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Frozen iguanas ‘fell from the skies’

International 24 Jan, 2020 Follow News

Frozen iguanas ‘fell from the skies’

Frozen iguanas ‘fell from the skies’

Cayman Islands has gone through a dip in temperatures recently but at least our iguanas have survived, unlike those in nearby Miami who are literally falling from trees, frozen with cold.

The National Weather Service in Miami felt the need to issue its forecast for iguanas on Twitter. “Don't be surprised if you see iguanas falling from the trees tonight,” it tweeted on Tuesday evening.

Because iguanas are cold blooded, they slowed down, or become immobile when temperatures drop below 45F.

As a result the iguanas have seemed to fall from the sky, onto streets, cars, pools, or even people walking around.

Florida residents have even resorted to selling iguana meat on Facebook Marketplace after capturing the frozen reptiles.

Several ads selling skinned, butchered - and headless - iguanas, often nicknamed 'chicken of the trees', started springing up online overnight in Miami, Doral and Homestead.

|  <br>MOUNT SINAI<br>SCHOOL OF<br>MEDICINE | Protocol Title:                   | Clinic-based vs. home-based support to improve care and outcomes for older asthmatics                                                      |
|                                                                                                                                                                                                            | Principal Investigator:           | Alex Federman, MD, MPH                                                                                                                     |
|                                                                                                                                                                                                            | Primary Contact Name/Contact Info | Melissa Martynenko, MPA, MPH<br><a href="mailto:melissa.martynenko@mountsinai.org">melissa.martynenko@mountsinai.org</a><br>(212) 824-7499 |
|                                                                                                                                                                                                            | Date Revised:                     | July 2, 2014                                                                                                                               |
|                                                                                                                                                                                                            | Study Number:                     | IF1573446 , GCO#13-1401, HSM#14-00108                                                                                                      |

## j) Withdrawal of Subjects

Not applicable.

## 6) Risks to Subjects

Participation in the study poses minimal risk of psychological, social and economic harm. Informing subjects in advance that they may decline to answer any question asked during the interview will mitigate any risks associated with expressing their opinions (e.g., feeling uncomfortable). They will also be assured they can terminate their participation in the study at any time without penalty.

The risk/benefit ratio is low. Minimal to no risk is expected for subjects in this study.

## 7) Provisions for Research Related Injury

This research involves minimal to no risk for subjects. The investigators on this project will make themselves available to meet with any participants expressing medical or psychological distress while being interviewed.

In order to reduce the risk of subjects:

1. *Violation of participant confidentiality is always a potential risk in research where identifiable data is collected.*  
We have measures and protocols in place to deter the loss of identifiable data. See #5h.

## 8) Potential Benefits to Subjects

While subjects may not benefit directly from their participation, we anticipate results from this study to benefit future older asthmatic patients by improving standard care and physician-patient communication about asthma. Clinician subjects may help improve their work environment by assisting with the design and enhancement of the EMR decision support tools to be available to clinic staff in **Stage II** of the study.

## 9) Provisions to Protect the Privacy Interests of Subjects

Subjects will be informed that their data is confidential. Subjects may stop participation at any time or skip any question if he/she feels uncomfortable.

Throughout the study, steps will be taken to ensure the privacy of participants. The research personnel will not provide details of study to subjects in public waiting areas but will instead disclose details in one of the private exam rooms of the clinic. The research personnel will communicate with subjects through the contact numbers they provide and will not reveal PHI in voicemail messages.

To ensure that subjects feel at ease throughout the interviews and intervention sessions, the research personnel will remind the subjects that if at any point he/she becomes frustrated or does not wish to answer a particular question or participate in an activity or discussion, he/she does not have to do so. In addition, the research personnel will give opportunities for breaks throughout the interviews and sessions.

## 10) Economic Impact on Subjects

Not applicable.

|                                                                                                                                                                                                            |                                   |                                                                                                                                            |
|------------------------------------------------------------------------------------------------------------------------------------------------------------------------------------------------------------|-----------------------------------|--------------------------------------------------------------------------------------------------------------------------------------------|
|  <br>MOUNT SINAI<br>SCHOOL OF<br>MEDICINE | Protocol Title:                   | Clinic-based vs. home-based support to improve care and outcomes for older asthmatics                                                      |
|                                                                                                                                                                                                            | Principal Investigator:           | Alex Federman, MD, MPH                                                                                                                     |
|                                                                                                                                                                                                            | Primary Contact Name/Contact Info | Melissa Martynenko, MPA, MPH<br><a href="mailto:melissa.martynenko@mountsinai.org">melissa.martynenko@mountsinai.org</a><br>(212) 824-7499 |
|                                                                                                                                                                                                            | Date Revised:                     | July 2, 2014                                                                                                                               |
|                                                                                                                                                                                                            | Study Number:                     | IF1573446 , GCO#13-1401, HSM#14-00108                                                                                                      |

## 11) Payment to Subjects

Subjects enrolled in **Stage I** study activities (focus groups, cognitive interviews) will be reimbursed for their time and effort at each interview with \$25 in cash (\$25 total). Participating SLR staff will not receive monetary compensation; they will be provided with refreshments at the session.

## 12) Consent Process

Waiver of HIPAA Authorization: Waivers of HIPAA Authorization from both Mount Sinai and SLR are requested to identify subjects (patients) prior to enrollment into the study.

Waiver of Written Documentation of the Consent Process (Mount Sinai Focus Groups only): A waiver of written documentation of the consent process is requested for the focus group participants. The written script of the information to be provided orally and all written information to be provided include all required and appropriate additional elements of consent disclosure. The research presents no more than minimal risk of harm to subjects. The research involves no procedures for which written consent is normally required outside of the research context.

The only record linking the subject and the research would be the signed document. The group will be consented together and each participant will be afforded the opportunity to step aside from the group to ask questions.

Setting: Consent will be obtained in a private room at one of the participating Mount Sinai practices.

One post advertises freshly prepped garrobo, a name often used in Latin America for iguana, for a steal at $1. The same seller also offers the skin-on variety for chefs who want a more hands-on approach with their food.

Others, however, were selling frozen iguana meat several days before the cold weather kicked in, suggesting this is far from a seasonal specialty for some.

Bemused residents took to social media to poke fun at the craze. “You know it’s cold when Facebook Marketplace got garrobo meat for sale #BecauseMiami #ChickenOfTheTrees,” one person tweeted.

The supply of the unusual meal choice comes just hours after states across the Southern and Eastern United States were told to brace themselves for freezing temperatures with icy winds, frost, snow and iguanas falling from trees.

“This isn’t something we usually forecast, but don’t be surprised if you see iguanas falling from the trees tonight as lows drop into the 30s and 40s. Brrrr!” NWS Miami tweeted.

The low temperatures stun the invasive reptiles, but the iguanas won’t necessarily die. That means many will wake up as temperatures rise.

Female iguanas can lay nearly 80 eggs a year, and South Florida’s warm climate is perfect for the prehistoric-looking animals. Iguanas are native to Central America, tropical parts of South America and some Caribbean islands.

Iguanas can be kept as pets in Florida but are not protected by any law except anti-cruelty to animals. They’ve been in South Florida since the 1960s, but their numbers have increased dramatically in recent years.


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